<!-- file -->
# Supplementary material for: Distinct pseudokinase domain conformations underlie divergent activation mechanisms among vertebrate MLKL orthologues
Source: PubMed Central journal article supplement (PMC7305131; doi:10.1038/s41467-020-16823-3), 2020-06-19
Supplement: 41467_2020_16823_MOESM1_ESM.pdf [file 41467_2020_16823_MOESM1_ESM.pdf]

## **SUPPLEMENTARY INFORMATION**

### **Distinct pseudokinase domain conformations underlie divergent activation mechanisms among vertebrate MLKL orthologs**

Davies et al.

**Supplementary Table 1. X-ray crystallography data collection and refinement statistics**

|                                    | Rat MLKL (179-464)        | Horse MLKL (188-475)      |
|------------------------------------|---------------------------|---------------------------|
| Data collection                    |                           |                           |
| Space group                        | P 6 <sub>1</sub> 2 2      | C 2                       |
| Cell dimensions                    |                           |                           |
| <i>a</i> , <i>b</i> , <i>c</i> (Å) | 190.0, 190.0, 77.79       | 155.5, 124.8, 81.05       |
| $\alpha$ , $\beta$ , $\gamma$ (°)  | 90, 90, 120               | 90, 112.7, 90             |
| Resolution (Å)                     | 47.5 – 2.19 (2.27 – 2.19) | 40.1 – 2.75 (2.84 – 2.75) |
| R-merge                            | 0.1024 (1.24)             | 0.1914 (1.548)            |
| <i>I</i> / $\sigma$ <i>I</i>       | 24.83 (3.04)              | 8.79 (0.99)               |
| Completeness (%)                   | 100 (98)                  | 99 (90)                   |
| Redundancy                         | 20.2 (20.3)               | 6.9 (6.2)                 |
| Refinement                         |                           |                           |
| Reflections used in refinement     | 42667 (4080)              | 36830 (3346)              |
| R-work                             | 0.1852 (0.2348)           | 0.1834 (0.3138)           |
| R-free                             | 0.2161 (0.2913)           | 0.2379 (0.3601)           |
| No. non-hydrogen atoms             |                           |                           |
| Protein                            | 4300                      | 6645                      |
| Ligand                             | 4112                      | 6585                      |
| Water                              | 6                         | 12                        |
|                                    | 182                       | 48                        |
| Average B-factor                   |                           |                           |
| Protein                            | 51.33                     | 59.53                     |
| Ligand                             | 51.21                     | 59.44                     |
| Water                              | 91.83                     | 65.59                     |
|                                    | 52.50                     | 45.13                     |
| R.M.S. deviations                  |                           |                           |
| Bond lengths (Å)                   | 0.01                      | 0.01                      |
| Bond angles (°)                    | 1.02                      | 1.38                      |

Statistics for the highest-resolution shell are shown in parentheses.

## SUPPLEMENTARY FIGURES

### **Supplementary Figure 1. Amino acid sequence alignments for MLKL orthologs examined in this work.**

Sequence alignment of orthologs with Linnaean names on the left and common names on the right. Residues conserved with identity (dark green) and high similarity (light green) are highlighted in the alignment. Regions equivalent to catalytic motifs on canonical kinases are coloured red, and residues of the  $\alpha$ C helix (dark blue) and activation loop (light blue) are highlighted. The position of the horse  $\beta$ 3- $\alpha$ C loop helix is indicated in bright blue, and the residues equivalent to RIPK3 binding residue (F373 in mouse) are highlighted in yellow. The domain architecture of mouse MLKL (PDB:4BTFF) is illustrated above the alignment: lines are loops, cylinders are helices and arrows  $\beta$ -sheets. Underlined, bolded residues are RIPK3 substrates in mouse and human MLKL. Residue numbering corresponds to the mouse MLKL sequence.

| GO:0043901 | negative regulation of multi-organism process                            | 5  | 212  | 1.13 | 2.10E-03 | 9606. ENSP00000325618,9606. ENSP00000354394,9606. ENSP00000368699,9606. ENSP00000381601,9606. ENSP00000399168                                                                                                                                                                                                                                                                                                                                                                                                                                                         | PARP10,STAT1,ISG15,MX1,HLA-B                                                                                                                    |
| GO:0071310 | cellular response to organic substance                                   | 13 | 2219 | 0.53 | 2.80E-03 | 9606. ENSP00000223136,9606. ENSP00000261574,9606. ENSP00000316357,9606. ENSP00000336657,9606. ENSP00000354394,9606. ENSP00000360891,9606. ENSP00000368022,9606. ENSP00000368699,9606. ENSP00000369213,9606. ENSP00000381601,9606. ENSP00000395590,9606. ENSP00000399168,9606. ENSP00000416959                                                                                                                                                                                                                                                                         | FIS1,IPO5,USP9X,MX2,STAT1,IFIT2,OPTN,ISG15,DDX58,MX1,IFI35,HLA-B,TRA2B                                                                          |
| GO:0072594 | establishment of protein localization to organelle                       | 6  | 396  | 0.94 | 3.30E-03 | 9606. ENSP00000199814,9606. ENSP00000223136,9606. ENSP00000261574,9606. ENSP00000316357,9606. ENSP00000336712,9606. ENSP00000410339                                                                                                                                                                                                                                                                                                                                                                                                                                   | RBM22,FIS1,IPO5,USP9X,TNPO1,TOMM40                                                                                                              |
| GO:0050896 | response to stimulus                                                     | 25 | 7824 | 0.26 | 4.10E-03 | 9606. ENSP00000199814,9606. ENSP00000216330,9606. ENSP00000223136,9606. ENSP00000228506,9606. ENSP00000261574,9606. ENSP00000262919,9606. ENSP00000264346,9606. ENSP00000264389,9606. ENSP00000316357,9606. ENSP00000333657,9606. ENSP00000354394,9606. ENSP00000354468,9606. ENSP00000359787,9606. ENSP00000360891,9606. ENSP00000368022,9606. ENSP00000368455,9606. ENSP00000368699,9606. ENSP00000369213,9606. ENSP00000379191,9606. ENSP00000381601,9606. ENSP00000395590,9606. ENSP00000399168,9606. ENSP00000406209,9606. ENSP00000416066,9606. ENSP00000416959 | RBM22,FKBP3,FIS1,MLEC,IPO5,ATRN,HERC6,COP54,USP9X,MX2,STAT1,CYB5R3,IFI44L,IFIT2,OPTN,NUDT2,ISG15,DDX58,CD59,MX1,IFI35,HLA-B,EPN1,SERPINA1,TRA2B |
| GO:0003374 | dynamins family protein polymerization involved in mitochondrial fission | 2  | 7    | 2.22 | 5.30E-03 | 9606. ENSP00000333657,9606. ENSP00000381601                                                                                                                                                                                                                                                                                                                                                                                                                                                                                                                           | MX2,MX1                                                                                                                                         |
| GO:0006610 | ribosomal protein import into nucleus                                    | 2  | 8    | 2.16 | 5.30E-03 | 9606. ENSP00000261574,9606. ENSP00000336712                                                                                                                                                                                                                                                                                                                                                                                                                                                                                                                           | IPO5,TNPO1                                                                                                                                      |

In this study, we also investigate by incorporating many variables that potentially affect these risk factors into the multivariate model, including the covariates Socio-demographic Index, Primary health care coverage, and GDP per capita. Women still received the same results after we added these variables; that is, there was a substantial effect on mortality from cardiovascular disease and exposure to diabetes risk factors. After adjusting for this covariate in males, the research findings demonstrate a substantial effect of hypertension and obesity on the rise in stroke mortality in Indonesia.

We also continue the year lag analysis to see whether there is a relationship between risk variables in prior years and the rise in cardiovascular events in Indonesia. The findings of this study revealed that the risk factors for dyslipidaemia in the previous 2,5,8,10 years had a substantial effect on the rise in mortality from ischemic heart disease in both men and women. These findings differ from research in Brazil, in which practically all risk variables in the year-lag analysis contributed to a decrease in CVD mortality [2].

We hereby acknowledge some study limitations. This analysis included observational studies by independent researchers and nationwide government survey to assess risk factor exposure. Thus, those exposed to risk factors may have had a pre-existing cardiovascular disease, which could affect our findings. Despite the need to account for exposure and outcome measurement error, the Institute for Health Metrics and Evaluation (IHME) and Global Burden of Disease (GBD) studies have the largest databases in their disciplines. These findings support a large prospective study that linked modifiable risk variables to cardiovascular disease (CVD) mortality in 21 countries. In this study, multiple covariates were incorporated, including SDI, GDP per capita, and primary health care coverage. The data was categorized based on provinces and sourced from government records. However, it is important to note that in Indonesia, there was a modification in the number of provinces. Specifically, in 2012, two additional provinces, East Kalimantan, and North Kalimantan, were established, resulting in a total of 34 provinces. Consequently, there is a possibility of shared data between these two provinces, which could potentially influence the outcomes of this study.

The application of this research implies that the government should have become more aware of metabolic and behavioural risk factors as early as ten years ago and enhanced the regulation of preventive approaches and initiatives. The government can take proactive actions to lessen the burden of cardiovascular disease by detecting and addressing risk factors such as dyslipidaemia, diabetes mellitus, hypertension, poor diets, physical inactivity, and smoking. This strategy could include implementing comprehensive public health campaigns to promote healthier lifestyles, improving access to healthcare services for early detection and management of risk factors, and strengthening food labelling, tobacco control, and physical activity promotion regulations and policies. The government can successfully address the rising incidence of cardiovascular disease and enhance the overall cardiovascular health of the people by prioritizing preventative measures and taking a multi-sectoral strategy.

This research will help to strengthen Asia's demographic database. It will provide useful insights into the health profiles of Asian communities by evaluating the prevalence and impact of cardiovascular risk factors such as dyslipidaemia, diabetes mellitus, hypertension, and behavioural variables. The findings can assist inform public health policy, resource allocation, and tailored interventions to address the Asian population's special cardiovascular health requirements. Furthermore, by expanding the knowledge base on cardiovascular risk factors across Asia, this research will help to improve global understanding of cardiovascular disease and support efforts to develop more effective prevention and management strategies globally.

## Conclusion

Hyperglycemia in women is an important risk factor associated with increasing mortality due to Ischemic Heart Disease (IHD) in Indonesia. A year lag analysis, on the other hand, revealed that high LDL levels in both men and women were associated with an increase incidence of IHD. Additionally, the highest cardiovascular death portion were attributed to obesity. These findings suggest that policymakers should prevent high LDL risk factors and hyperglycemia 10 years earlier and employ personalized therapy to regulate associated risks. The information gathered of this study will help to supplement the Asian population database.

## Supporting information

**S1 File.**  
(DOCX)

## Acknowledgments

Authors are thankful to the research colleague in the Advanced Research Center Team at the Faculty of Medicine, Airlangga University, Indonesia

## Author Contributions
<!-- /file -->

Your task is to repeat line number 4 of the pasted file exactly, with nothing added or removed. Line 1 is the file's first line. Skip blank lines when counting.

## **SUPPLEMENTARY INFORMATION**